Trial over Georgia’s restrictive abortion law to begin in Atlanta

Abortion-rights protesters on the steps of the Georgia Capitol
Abortion-rights protesters sit on the steps of the Georgia Capitol after the U.S. Supreme Court overturned Roe vs. Wade.
(Ben Gray / Associated Press)

A trial to determine whether Georgia can continue to ban abortion as early as six weeks into a pregnancy is set to begin in an Atlanta courtroom Monday.

Fulton County Superior Court Judge Robert McBurney has scheduled two days of testimony in a lawsuit that seeks to strike down the law on multiple grounds, including that it violates the Georgia state Constitution’s right to privacy and liberty by “forcing pregnancy and childbirth upon countless Georgians.”

The state attorney general’s office responded in a court filing that Georgia’s privacy protections do not extend to abortion because it affects another “human life.”


Georgia’s law bans most abortions once a “detectable human heartbeat” is present. Cardiac activity can be detected by ultrasound in cells within an embryo that will eventually become the heart as early as six weeks into a pregnancy. That means most abortions in Georgia are in effect banned at a point before many women know they are pregnant.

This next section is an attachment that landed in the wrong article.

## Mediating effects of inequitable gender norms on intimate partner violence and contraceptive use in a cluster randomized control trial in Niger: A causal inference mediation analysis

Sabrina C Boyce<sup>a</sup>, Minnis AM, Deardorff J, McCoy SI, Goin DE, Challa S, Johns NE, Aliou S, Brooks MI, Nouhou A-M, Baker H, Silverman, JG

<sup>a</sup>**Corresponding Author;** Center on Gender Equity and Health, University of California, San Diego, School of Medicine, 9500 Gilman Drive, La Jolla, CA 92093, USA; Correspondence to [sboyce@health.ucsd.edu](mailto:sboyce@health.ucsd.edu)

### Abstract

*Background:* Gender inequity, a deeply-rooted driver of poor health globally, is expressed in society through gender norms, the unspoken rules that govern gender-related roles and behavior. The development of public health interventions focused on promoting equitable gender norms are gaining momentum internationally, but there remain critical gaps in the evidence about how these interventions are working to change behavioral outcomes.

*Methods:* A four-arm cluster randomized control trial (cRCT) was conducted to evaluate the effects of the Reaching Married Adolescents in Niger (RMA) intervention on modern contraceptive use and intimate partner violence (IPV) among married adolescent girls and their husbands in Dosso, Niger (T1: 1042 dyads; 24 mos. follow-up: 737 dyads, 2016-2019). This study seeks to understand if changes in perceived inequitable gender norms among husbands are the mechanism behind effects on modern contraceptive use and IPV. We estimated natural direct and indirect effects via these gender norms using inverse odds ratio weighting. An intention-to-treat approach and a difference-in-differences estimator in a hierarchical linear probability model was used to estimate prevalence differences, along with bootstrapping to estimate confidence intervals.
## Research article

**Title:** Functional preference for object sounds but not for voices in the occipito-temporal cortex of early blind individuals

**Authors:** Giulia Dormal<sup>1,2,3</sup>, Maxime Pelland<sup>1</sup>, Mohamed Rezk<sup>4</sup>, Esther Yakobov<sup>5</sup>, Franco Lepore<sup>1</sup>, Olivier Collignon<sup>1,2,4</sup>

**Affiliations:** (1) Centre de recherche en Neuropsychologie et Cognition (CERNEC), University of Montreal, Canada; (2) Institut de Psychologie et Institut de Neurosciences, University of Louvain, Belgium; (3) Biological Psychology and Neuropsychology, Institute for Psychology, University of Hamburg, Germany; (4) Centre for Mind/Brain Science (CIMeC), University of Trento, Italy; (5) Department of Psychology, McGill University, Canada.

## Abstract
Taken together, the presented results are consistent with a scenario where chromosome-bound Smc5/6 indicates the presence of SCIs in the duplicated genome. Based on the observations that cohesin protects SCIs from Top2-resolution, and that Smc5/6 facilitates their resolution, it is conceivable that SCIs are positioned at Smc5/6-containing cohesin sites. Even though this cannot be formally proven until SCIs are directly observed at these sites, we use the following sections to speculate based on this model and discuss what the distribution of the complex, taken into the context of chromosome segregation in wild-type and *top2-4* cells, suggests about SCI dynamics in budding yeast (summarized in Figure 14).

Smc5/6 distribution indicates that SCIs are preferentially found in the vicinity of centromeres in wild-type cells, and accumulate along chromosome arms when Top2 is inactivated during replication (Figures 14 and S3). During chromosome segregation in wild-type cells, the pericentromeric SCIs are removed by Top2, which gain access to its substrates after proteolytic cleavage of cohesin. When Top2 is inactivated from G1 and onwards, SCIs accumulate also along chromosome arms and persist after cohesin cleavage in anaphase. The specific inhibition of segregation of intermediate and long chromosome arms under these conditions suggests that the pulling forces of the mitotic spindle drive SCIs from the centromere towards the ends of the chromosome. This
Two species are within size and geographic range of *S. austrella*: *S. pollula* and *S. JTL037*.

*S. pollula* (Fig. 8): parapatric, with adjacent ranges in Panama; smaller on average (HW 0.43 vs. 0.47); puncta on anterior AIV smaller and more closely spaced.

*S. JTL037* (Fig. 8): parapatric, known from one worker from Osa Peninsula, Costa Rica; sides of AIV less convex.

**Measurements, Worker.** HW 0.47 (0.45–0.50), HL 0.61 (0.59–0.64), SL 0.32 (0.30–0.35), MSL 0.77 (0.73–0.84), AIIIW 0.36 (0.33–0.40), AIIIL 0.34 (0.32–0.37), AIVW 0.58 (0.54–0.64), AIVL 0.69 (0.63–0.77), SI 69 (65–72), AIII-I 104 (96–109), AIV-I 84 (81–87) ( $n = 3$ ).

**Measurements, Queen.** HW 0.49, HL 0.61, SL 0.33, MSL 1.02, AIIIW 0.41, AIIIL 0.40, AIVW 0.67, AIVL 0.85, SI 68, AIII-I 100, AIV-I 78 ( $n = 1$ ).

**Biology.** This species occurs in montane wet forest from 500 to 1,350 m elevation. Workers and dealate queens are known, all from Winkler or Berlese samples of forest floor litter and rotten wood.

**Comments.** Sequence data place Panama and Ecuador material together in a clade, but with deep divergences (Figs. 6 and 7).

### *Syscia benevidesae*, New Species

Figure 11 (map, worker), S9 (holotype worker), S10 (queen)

The doctors and advocacy groups that filed the lawsuit before McBurney in July also argue that the law was invalid from the start because it violated the U.S. Constitution and U.S. Supreme Court precedent when it was enacted.

Georgia’s law was passed by state lawmakers and signed by Republican Gov. Brian Kemp in 2019, but it had been blocked from taking effect until the Supreme Court overturned Roe vs. Wade, which had protected the nationwide right to an abortion for nearly 50 years. The 11th U.S. Circuit Court of Appeals allowed Georgia to begin enforcing its abortion law slightly more than three weeks after the high court’s decision in June.

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The law includes exceptions for rape and incest, as long as a police report is filed, and allows for later abortions when the woman’s life is at risk or a serious medical condition renders a fetus unviable.

The state has argued that the Roe decision itself was wrong and the Supreme Court ruling wiped it out of existence.


In August, McBurney rejected a request by the plaintiffs to immediately block the abortion law while the lawsuit was pending, though he stressed that the decision did not touch on the merits of the case. Earlier this month, he denied a request by state officials to postpone the trial, which he, not a jury, will decide.